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HOME AND GARDEN HAPPENINGS

Ornament ends up on executive branch

Melissa Hebert
Plain Dealer Reporter

Posted on Thursday, December 23, 2004

It's been quite a year for Barbara Franzreb.

First, the Macedonia woman was named one of the top 200 traditional craftspeople in the country because of her decorative painting by Early American Life magazine, a Shaker Heights-based magazine on period style.

Then, a few weeks ago, she attended a White House reception to see an ornament she painted displayed on the White House Christmas tree. She also met first lady Laura Bush.

Franzreb's trip to Washington began in the summer, when she saw a piece in the magazine for the Society of Decorative Painters offering a chance to paint an ornament for the White House Christmas tree. Five-hundred ornaments were available, and 350 would be selected for the tree.

Franzreb received the ornament in August, the same month she was mentioned in Early American Life.

The tin ornament looks like a sleigh bell and is a little larger than a softball. As Franzreb studied it, she began working out a winter scene with houses, a church and a night sky to work with the star cutouts in the upper half of the bell. Then she read the fine print. The ornament had to fit this year's theme for the White House tree - "A Season of Merriment and Melody." The background had to be a vibrant color, and the only decoration could be strokework - the application of paint with a brush - in gold paint. So much for her original idea.

However, new ideas opened up. Her strokework is a big reason for her success. She went back to her pattern books, including some she created for sale. From those, she came up with a pattern with a rich red background.

She didn't have a lot of time to dawdle. The deadline for submitting the ornament was Sept. 15, and with her other responsibilities, including teaching decorative painting, she couldn't devote herself full time to the project. So she did what she does best - came up with a basic plan and let it evolve.

"It ended up having more strokework detail than I originally planned," Franzreb said. The strokework roses on the bottom were Franzreb's favorite detail.

Franzreb shipped the ornament in early September and waited to hear the results. And waited. And waited.

"I was starting to get nervous," she said. "I belong to an online group for decorative painters, and people were announcing that their ornament had been selected. That's how I found out about the painters being invited to the White House to see the tree. That was exciting, but I wasn't hearing anything one way or the other about mine."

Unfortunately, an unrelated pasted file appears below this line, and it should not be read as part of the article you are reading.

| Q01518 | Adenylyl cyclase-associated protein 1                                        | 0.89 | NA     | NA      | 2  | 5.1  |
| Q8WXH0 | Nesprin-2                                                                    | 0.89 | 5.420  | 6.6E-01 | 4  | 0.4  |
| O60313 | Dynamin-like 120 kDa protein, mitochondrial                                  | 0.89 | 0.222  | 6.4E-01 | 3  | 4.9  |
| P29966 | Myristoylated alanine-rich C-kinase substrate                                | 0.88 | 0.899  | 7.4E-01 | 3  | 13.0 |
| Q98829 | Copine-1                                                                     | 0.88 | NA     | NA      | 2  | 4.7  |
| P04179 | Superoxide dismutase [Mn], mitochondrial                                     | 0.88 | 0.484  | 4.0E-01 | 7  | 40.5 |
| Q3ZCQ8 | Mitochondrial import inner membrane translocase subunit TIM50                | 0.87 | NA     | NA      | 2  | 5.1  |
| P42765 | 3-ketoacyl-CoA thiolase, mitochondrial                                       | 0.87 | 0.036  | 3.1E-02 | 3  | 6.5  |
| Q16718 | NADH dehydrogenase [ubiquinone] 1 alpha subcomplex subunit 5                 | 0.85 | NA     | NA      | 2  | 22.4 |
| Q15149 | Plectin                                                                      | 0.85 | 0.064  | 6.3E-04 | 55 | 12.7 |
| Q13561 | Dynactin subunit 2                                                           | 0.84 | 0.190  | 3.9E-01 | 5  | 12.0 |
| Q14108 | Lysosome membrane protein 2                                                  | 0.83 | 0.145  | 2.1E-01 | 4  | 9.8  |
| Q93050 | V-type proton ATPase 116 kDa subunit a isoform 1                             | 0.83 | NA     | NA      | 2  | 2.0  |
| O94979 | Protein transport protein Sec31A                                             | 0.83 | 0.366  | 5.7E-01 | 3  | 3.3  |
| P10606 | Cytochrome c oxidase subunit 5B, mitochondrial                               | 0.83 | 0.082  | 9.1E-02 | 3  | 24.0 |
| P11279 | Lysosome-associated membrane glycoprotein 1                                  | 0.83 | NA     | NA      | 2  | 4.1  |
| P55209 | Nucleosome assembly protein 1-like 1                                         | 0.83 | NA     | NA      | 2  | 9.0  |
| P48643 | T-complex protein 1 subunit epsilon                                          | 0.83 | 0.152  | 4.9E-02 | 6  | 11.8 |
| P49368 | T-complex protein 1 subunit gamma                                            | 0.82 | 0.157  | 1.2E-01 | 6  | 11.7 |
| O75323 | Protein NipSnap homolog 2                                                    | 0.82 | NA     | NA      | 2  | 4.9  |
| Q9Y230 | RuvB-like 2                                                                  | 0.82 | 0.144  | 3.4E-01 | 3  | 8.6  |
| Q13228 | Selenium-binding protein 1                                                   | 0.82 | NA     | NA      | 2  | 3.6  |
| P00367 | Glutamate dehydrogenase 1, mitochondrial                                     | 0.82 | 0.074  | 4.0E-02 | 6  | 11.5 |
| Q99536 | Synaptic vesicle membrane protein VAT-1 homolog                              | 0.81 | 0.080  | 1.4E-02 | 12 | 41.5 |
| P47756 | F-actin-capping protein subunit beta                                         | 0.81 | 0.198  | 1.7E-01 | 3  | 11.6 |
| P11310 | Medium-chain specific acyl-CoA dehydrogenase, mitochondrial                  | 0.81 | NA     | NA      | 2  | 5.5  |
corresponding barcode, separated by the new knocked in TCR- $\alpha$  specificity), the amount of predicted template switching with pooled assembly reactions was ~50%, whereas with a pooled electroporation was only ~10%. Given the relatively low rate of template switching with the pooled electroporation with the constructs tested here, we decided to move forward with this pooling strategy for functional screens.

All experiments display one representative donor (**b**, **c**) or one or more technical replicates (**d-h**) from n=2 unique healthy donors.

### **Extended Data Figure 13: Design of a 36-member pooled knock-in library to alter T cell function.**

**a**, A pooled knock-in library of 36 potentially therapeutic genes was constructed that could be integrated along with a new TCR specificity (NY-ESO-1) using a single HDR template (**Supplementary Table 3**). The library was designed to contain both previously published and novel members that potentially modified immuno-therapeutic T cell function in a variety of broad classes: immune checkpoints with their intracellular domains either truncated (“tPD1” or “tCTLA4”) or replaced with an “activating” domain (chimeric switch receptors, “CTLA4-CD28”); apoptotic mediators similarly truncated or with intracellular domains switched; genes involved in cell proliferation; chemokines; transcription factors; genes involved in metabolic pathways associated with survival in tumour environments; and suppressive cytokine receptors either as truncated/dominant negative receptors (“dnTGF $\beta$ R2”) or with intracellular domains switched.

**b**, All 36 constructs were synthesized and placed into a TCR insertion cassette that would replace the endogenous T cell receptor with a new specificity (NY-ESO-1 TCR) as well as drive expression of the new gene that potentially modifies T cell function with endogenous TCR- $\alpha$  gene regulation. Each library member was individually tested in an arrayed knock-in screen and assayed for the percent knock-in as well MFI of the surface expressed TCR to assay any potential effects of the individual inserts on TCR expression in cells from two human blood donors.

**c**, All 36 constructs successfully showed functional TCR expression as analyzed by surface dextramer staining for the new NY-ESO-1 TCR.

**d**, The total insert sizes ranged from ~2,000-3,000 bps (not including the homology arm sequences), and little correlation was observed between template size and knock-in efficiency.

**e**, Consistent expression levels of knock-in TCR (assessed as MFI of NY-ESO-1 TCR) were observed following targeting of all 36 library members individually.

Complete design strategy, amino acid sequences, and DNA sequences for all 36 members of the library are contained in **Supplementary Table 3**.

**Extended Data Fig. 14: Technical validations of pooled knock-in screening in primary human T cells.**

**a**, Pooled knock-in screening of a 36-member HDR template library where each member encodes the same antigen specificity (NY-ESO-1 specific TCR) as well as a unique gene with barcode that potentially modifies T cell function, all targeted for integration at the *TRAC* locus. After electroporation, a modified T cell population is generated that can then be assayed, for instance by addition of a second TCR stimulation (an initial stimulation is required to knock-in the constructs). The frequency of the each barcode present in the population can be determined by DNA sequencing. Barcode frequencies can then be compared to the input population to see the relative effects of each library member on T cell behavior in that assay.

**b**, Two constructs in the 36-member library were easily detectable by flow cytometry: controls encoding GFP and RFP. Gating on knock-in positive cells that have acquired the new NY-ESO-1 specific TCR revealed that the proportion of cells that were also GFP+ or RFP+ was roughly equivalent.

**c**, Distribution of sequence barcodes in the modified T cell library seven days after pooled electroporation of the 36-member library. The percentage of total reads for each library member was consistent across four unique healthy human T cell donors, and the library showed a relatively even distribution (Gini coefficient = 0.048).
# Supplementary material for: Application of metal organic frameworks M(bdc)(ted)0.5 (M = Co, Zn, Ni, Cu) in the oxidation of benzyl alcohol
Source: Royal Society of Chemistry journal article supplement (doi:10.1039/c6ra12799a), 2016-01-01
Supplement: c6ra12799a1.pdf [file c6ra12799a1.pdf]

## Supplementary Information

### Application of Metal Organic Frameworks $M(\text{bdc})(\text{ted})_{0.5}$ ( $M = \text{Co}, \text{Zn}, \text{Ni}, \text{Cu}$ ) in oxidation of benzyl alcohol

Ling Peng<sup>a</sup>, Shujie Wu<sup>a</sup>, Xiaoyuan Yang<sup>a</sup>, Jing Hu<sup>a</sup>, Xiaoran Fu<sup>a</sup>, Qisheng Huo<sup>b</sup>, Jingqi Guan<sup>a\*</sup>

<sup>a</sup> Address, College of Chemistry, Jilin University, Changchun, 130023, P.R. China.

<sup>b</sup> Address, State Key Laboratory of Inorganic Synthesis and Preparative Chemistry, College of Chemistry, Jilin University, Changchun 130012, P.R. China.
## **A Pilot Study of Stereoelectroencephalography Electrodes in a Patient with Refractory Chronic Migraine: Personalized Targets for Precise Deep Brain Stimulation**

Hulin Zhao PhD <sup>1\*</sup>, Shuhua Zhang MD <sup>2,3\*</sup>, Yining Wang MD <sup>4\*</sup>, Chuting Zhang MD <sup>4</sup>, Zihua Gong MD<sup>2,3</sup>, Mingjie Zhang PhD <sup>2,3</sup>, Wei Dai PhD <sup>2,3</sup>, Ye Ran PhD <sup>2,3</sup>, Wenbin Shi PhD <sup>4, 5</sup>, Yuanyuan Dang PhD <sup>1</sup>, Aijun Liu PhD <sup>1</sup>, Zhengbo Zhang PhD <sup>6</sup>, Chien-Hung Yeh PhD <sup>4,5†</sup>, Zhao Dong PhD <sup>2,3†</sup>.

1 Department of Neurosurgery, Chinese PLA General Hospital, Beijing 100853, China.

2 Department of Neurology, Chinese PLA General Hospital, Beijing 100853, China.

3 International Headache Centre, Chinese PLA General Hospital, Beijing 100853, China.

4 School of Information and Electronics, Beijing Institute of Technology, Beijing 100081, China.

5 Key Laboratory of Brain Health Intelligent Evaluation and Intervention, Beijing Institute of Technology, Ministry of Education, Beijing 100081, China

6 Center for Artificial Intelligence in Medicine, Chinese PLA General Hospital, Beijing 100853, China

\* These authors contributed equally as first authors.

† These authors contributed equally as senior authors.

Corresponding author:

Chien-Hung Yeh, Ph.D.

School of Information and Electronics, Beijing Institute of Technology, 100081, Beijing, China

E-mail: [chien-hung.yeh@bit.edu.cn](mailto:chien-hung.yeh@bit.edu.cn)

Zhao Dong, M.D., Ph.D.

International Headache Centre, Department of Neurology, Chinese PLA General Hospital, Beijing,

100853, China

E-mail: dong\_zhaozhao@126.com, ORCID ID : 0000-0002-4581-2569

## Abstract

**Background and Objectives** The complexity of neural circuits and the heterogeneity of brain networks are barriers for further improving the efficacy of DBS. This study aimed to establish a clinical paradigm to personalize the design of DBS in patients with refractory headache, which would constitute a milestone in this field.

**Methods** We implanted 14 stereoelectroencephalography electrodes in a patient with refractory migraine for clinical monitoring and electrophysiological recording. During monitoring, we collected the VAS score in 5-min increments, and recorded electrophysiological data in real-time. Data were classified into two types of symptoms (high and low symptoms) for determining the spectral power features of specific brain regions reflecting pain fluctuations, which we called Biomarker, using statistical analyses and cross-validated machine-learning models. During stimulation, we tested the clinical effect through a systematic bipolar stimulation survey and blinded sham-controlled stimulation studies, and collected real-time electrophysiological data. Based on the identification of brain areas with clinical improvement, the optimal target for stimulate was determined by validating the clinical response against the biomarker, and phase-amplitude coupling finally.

Three weeks before the scheduled reception, Franzreb received her invitation. It turned it had been addressed with the wrong ZIP code, hence the delay. Franzreb promptly called everyone she could think to call and began making travel plans.

At the reception, Franzreb had to tilt her head way back to see her ornament - it's about 20 feet up the tree. The Blue Room, where the tree is, was "like fairyland," Franzreb said. "Trees and lights were everywhere."

But the most exciting part of the day is a bit of a blur for Franzreb. She was with a friend who was using a wheelchair that day, and they went to inquire if they could park it in a corner to go through the buffet line. The next thing she knows, they're being whisked to the front of the receiving line to meet Laura Bush.

"I had no time to prepare anything to say to her," Franzreb said. "She was very gracious, but I don't remember a thing I said to her."

Seeing her ornament as part of a White House Christmas is a high point in her 20 years of decorative painting. While she does florals and creates her own designs at her home business, The Calico Goose, her favorite work is Early American anything. She mostly paints wood but loves working with tin. The piece featured in Early American Life is a tin box made by friend Carl Giordano.

Franzreb sells her work online, at craft shows, Ohio Mart at Stan Hywet Hall & Gardens in Akron, Primitive Keepings in Medina, Yellow Creek Trading Co. in Peninsula and Colonial Williamsburg, Va.

She normally spends about 20 hours a week painting, including time in her classes.

"If I don't do it for a few days, I get edgy," she said. "It's relaxing and therapeutic for me."

She also enjoys the classes she teaches. Many of her students have been coming for years, and there's a social aspect to the class.

"We solve all the world's problems during class," she said. "It's really a good time."

2004 The Plain Dealer. Used with permission.



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